Gender at the Gym: How Workout Preferences Vary by Sex, Age


People take part in CrossFit training in a gym in Paris on Jan. 16, 2015. Surveys show men and women equally participate in niche activities like this, lessening the gender divide in workouts. BERTRAND GUAY/AFP/Getty Images

Although the stereotyped image of a fitness club is a room crowded with people walking treadmills and using weight machines, that picture is as stale as, maybe, your exercise routine. In late December 2017, the Wall Street Journal reported that many traditional health clubs were scaling back on exercise machines and beefing up their group fitness class offerings, in response to consumer demand.

Which got us thinking: Which groups prefer fitness classes as opposed to using equipment? A 2017 study by the International Health, Racquet & Sportsclub Association (IHRSA) found that more than 57 million Americans belonged to at least one health club, and while gym memberships were split almost evenly between males and females, the two groups prioritized their gym activities very differently.

"Males tend to be equipment-oriented, engaging more in using free weights (dumbbells, hand weights and barbells), weight/resistance machines, rowers and stationary cycles," says Melissa Rodriguez, senior research manager for the IHRSA in an email interview. "Women prefer to participate in group exercise programs, such as Pilates, dance, step, and other choreographed exercise to music, yoga and barre."

Obviously, there are men who enjoy classes and women who lift weights, but in general it has not been the norm. "This is a combination of social dynamics, men tending to be more solo and women tending to gravitate towards the community, and men thinking the classes themselves are geared towards women and their goals," says Doug Holt with Fitness Professionals Online.

But this dynamic could also be changing. The same study found that men and women had almost the same levels of participation in "fitness-only and personal or small group training (P/SGT) studios" (think CrossFit or kickboxing studios). This trend is likely to continue as Millennials and Generation Z (those under 18) tend to favor these types of workouts, along with HIIT, barre, yoga and group cycling. IHRSA reported that the average age of a studio member is 30, and nearly half of all health club members are 18-44.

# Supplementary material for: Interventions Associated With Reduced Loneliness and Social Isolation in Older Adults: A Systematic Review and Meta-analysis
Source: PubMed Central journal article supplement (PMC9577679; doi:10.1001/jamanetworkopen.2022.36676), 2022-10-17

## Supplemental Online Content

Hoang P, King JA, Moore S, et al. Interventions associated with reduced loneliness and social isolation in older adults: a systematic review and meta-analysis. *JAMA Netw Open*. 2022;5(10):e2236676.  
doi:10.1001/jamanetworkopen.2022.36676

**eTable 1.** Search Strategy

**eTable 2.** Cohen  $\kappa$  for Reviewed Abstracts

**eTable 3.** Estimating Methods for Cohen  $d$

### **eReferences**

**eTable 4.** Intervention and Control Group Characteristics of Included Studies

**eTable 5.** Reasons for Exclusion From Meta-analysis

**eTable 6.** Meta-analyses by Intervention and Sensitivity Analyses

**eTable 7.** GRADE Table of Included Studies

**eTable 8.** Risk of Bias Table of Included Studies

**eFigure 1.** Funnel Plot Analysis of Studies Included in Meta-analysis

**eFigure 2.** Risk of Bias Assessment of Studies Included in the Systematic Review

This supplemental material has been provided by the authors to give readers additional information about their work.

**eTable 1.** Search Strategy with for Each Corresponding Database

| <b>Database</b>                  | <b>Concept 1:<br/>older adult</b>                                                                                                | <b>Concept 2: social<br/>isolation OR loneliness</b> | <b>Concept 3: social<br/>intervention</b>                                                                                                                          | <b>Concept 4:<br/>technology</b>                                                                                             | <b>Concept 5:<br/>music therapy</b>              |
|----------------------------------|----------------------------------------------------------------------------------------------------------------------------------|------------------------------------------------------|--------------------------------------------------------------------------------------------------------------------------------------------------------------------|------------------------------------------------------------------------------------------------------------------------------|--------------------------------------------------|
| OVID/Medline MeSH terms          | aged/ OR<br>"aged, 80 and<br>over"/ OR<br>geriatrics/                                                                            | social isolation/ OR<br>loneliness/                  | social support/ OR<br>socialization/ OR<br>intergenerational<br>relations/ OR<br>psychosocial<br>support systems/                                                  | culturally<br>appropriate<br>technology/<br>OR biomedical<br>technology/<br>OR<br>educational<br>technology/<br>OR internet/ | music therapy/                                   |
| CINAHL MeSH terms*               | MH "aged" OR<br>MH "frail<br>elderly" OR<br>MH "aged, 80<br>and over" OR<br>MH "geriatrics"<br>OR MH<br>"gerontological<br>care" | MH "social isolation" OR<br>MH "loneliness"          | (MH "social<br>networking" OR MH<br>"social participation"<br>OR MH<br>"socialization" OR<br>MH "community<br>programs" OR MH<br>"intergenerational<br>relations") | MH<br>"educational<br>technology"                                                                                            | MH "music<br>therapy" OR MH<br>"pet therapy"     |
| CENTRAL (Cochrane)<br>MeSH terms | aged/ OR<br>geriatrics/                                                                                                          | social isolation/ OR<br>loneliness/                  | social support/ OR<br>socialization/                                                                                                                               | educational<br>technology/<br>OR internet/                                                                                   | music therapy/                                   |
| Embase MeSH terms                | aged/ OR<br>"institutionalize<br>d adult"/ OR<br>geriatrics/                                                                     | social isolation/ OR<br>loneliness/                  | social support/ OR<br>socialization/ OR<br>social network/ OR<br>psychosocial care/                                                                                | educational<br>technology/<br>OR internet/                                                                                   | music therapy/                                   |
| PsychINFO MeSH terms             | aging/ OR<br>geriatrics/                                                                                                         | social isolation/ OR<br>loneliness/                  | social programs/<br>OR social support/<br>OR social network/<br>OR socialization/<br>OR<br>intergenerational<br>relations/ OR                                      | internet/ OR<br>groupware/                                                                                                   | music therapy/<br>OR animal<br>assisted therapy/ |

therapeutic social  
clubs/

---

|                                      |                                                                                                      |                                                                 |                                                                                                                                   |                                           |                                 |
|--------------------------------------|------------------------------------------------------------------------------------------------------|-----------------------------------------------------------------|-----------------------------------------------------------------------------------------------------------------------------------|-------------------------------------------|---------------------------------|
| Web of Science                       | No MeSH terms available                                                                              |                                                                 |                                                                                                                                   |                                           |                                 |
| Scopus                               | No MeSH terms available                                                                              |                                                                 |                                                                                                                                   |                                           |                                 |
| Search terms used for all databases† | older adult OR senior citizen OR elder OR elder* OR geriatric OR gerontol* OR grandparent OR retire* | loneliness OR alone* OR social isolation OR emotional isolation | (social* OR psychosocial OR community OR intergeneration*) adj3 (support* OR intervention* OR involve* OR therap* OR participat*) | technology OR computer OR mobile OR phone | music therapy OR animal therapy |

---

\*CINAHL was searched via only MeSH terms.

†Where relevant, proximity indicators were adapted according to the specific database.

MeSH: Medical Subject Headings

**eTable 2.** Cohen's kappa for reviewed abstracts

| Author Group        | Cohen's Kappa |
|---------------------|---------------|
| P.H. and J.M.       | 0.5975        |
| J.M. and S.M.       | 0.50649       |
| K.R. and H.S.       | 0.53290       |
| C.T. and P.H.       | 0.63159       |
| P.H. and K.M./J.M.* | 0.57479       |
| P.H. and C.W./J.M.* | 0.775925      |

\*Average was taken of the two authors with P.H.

"Because functional training continues to grow in popularity, there's less of a need for specific age groups, and/or genders to be reliant on machines," says Josh Leve, founder of the Association of Fitness Studios in an email. "Bodyweight training is very popular and ensuring that you can move well into your 60s and 70s is high on the list of areas trainers, studios and health facilities tend to focus on."

But equipment (ellipticals, free weights and treadmills) is still the primary workout for Gen Xers, with boot camp being the only non-equipment-based activity listed as a favorite with this age group. Not surprisingly, Boomers and members of the Silent Generation (typically those born between 1925-45) prefer the gentler routines like water aerobics, Tai Chi and stretching, though they also favor weight machines.

The Changing Face of Fitness

Eric Malzone, with the Fitness Marketing Alliance, owned a CrossFit gym in Santa Barbara, California, until recently. Female business started off slowly, but he recalls a significant shift once the benefits were realized. "A lot of women were very hesitant to join a gym with a lot of weightlifting," he says, adding that they were afraid of getting bulky. "Women started to really enjoy being strong. That love of the actual fitness part of it really started to overtake. It became a larger motivator with women to come in and get strong and hit certain numbers on their lists."

Malzone is quick to point out that age and gender aren't everything, particularly for hard-core fitness boutiques. "The demographic wasn't as important as the psychographic of people who very much wanted to challenge themselves," he says, noting that ex-athletes in particular tend to gravitate in that direction because they miss the coaching and team-based environment.

Although the IHRSA reports that independent use of equipment like resistance weights and cardio machines continues to decline in favor of group exercise classes, 44 percent of survey respondents had used a treadmill over the past year — showing it is still popular. Resistance machines and free weights/dumbbells rank second and third. Among group exercises, yoga was most popular, with 36 percent of survey respondents reporting participation, followed by stretching and calisthenics.

But no matter what your age or gender, when it comes to going to a gym, one point remains constant, according to Leve of the Association of Fitness Studios. "The best thing for a consumer is to find what they enjoy so it doesn't become a chore."



More to Explore